The Sensurround technology was achieved by installing high-powered bass amplifiers on the theater floor, and the sensation was so strong when the movie premiered at Hollywood's Grauman's Chinese Theatre that it caused plaster to fall from the ceiling as it was being tested.
Thank goodness the script for "Earthquake 2" was never produced. In it, stars from the first movie -- including George Kennedy, Victoria Principal and Richard Roundtree -- were supposed to move to San Francisco to recover from their seismic trauma. Heston -- who was uneasy about having to appear in the embarrassing sequel "Beneath the Planet of the Apes" -- actually insisted that his "Earthquake" character be killed off.
Los Angeles again faced destruction in 1997's "Volcano" and would have been buried in molten lava if not for Tommy Lee Jones and a brainy Anne Heche.
"Airport" (1970) -- While Kennedy didn't star in "Earthquake 2," he had the distinction of being the only star to appear in all four "Airport" movies, helping to explore nearly every calamity an air traveler could endure, including a hijacking (the original), a midair collision ("Airport 1975"), a nose dive into the ocean ("Airport '77"), and dodging nuclear missiles at supersonic speed ("The Concorde: Airport '79").
While the series didn't actually do much to inspire air safety innovations, surely it inspired the great spoof "Airplane" (and, as Leslie Nielsen would say, don't call me Shirley.)
"Twister" (1996) -- Before Bill Paxton became TV's most famous polygamist on HBO's "Big Love," he was a weatherman trying to get his storm-chaser wife to sign divorce papers so he could run off with his girlfriend. Soon, the three get caught up in the "suck zone" as it's called, and old passions are stirred up.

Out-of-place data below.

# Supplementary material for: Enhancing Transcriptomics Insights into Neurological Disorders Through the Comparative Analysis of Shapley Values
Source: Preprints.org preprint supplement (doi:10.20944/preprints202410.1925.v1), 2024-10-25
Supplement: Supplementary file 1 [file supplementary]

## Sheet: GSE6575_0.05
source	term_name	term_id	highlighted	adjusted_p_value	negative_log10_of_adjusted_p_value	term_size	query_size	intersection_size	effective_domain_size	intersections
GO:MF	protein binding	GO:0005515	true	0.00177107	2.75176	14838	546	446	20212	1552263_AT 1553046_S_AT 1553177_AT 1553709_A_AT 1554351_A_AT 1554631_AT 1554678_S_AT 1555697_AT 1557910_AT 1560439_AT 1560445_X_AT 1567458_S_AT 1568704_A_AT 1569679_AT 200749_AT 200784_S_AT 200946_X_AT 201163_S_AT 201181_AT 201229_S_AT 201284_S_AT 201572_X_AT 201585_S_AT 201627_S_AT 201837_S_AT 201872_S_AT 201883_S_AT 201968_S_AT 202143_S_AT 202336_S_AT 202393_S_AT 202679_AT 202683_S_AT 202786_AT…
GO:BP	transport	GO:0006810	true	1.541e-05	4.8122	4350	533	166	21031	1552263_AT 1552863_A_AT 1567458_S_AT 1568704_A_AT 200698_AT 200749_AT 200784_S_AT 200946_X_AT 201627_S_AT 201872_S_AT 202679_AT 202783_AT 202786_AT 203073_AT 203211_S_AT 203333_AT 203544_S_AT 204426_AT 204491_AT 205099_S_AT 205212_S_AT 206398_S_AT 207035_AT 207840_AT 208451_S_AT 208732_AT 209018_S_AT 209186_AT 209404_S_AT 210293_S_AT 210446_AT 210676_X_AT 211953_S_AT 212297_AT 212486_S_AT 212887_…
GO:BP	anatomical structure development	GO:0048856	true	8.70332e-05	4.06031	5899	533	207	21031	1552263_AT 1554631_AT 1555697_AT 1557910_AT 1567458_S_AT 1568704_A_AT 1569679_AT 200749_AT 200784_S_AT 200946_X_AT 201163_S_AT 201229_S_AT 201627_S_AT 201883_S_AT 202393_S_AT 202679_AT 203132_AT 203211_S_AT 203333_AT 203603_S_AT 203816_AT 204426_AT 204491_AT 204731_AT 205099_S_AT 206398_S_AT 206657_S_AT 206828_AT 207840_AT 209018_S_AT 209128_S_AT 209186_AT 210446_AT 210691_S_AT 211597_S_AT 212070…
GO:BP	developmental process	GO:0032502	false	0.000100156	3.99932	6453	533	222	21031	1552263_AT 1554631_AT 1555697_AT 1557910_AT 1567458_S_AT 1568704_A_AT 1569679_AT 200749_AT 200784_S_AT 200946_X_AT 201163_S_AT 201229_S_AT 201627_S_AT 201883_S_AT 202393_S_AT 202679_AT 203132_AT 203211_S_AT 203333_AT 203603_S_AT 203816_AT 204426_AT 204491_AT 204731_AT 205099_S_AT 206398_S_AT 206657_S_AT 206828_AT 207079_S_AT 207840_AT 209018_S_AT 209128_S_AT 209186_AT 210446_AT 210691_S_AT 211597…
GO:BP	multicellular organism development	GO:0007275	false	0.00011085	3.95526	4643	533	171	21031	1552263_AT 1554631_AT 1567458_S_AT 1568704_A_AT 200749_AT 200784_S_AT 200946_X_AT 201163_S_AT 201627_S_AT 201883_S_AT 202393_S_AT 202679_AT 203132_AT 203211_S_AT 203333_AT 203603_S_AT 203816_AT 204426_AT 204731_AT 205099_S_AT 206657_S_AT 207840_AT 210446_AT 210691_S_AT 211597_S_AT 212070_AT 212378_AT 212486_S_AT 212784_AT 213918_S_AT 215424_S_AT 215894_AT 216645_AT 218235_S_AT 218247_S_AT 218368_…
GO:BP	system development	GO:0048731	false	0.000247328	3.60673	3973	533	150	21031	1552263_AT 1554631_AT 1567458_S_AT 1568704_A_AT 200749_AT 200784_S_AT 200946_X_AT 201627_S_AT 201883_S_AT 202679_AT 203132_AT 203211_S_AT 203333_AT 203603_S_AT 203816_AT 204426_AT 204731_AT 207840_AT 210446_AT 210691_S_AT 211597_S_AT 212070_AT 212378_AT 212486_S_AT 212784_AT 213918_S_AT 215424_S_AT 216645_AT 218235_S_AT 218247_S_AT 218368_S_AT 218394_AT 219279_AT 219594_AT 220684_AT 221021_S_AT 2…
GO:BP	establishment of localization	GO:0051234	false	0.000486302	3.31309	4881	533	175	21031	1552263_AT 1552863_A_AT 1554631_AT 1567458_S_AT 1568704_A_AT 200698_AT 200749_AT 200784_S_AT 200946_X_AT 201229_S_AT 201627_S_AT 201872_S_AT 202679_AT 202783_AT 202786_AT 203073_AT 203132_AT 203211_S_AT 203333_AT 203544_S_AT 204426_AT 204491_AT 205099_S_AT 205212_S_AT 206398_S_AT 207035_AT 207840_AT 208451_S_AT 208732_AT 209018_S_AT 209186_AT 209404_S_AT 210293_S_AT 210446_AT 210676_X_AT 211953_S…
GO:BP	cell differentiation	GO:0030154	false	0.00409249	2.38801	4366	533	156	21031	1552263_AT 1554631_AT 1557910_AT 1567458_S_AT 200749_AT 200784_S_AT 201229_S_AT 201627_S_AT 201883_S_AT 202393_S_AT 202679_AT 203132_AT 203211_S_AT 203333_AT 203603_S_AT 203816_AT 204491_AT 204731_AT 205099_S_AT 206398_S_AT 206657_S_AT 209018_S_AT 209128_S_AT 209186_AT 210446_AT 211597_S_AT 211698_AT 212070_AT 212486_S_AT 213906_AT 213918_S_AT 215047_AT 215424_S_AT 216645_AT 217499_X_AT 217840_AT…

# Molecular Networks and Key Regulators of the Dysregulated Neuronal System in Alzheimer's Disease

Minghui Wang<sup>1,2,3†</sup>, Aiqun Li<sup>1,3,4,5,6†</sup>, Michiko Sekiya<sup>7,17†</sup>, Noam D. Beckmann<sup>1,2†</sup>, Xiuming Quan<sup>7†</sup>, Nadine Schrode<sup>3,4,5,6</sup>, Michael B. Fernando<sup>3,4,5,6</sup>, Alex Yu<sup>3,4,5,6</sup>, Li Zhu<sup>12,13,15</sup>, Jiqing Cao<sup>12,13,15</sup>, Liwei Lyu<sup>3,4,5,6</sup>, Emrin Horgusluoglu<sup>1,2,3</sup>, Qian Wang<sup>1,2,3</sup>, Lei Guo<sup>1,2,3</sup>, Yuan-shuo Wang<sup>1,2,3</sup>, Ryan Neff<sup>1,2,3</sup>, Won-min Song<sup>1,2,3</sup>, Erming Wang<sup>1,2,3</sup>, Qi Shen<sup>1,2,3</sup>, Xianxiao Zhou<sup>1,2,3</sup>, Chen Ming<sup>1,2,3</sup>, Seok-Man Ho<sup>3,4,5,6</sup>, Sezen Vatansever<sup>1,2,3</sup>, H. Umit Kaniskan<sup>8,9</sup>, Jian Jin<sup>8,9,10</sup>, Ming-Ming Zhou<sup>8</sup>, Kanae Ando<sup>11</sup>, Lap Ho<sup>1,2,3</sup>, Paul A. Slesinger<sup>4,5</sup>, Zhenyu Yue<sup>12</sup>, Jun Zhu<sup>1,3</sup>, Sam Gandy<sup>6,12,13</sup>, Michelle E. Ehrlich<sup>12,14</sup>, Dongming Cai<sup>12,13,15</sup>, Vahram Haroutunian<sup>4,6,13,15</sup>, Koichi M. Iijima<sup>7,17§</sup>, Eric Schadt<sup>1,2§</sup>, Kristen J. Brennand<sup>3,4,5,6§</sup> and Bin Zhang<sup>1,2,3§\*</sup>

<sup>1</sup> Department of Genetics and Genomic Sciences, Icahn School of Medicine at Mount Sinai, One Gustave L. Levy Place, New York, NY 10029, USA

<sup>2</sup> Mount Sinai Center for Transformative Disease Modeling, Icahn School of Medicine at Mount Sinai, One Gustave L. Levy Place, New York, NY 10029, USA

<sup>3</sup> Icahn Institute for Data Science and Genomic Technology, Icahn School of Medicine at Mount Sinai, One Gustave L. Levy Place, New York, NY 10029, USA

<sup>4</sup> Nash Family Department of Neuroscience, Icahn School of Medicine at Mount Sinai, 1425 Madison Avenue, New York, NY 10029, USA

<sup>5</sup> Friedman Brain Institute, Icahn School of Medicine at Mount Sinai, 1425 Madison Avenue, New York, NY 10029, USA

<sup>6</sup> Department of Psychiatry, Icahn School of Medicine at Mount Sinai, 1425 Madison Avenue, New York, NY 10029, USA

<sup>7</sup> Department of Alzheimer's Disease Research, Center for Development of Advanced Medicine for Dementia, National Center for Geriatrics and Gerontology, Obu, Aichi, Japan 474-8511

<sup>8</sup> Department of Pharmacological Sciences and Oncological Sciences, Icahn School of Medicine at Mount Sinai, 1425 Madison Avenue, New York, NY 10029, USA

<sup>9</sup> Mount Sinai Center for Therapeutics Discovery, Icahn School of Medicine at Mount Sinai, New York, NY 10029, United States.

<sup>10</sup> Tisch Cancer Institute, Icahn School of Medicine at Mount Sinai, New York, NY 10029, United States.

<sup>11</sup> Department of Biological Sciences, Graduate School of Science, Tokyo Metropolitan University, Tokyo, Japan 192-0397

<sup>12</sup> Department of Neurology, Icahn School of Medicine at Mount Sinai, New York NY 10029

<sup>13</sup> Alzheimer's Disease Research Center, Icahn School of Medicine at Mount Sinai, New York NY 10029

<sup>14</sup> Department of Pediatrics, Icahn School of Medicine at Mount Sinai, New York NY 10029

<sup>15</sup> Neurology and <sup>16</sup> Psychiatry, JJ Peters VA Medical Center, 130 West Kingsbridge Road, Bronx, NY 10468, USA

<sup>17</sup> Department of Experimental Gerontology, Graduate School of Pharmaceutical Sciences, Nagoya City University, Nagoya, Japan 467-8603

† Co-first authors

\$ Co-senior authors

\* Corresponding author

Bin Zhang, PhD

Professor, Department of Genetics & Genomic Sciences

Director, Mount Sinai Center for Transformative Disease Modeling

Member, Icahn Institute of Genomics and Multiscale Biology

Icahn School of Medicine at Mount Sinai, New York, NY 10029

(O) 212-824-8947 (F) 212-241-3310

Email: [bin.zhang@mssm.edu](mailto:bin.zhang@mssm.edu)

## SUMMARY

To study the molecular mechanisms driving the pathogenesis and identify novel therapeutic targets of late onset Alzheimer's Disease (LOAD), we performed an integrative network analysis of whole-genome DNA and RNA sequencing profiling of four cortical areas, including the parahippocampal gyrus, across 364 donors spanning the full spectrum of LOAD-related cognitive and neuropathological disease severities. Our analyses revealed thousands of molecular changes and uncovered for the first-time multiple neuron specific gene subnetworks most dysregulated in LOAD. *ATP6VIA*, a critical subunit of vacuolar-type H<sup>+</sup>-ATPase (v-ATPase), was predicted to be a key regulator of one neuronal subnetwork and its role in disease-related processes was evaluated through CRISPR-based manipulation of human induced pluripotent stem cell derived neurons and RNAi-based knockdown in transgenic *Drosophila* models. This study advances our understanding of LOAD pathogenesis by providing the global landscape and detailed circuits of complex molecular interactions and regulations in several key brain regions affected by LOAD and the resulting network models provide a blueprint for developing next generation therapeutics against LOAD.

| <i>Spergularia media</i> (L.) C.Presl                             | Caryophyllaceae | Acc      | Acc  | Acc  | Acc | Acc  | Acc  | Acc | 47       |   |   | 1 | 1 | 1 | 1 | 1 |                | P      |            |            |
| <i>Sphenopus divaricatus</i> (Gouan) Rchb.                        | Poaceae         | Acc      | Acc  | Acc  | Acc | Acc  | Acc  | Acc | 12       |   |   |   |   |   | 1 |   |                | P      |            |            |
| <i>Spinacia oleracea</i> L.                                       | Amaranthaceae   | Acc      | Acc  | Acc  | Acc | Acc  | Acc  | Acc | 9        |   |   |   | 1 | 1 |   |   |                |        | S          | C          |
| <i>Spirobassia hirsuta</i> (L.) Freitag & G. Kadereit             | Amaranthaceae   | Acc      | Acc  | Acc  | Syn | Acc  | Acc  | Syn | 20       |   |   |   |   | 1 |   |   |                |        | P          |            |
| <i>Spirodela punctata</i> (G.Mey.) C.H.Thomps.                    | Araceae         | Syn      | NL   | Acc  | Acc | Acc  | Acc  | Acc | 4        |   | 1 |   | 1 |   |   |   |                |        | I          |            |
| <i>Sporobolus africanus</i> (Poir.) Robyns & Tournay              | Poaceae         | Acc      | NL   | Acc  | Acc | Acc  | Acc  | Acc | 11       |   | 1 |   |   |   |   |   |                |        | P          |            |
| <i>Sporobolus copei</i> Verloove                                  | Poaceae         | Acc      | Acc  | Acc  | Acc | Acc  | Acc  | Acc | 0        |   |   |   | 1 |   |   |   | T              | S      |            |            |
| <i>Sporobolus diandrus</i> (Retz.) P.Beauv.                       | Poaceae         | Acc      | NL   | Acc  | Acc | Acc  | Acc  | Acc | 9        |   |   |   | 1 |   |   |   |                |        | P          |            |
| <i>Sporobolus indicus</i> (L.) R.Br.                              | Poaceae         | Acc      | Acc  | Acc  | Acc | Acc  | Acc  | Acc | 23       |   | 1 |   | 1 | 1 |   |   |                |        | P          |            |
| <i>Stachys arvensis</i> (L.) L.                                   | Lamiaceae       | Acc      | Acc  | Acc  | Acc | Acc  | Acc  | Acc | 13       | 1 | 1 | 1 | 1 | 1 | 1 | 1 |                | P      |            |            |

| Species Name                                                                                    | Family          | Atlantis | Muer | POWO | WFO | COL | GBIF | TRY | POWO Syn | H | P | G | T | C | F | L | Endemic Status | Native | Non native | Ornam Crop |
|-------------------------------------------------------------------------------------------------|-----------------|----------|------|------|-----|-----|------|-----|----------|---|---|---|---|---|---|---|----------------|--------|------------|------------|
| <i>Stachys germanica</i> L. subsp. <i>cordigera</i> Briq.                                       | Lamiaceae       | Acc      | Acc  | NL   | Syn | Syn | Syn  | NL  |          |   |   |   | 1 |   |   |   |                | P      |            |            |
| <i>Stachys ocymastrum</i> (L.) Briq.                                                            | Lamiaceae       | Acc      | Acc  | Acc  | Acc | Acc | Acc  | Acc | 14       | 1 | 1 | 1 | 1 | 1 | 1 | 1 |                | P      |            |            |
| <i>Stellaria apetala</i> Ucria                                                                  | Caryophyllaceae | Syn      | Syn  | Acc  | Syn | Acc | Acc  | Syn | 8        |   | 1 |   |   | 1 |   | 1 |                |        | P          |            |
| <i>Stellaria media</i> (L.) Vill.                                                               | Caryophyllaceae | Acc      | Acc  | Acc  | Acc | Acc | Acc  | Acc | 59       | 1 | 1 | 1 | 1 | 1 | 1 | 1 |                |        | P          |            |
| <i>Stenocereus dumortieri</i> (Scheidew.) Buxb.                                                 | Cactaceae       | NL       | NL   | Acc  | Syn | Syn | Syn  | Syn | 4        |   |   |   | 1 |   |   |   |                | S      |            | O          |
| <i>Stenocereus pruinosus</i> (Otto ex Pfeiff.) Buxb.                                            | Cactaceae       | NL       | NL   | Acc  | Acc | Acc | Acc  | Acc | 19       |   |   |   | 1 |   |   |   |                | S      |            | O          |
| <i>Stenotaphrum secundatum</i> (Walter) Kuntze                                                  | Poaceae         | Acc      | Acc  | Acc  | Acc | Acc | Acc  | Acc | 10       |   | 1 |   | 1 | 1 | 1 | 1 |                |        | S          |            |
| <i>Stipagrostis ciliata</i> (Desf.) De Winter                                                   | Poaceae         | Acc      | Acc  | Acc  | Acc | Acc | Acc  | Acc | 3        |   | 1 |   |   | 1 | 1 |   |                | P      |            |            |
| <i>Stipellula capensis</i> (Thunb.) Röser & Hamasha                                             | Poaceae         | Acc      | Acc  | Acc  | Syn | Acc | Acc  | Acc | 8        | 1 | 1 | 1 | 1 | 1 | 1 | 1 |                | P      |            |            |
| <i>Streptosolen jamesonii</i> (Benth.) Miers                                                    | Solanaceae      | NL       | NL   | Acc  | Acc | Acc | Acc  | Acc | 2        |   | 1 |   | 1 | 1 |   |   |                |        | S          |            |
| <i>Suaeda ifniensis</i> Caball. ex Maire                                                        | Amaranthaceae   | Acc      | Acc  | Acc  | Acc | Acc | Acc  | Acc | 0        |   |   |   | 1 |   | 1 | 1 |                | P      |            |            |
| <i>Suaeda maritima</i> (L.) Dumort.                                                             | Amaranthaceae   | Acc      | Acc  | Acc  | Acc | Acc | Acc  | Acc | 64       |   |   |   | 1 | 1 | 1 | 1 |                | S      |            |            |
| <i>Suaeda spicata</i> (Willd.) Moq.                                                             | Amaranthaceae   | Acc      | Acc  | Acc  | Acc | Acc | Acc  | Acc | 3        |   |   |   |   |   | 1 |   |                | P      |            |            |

Paxton could have forecast an advancing front of weather-related disaster films. In the years to come, we'd find George Clooney and Mark Wahlberg as fishermen swallowed by a killer hurricane in "The Perfect Storm" (2000) and Dennis Quaid as a heroic climatologist in "The Day After Tomorrow."
"Deep Impact" (1998) -- Disaster films are usually a race against time. In this case, it was a race between two asteroid-hitting-Earth movies, both premiering in 1998. "Deep Impact" won the foot race, hitting theaters on May 8, two months ahead of "Armageddon." "Armageddon" won the more important battle by outgrossing its rival internationally by about $200 million.
Perhaps moviegoers just went with the more lighthearted film, and that tone was clear in the movies' tag lines. "Deep Impact": " Heaven and Earth are about to collide." "Armageddon": "Earth. It Was Fun While It Lasted."
It also might have come down to this: Whom do you want to save the planet? Bruce Willis, Billy Bob Thornton and Ben Affleck, or Robert Duvall, Tea Leoni and Elijah Wood?
Buck Wolf is entertainment producer at ABCNEWS.com. "The Wolf Files" is published Tuesdays.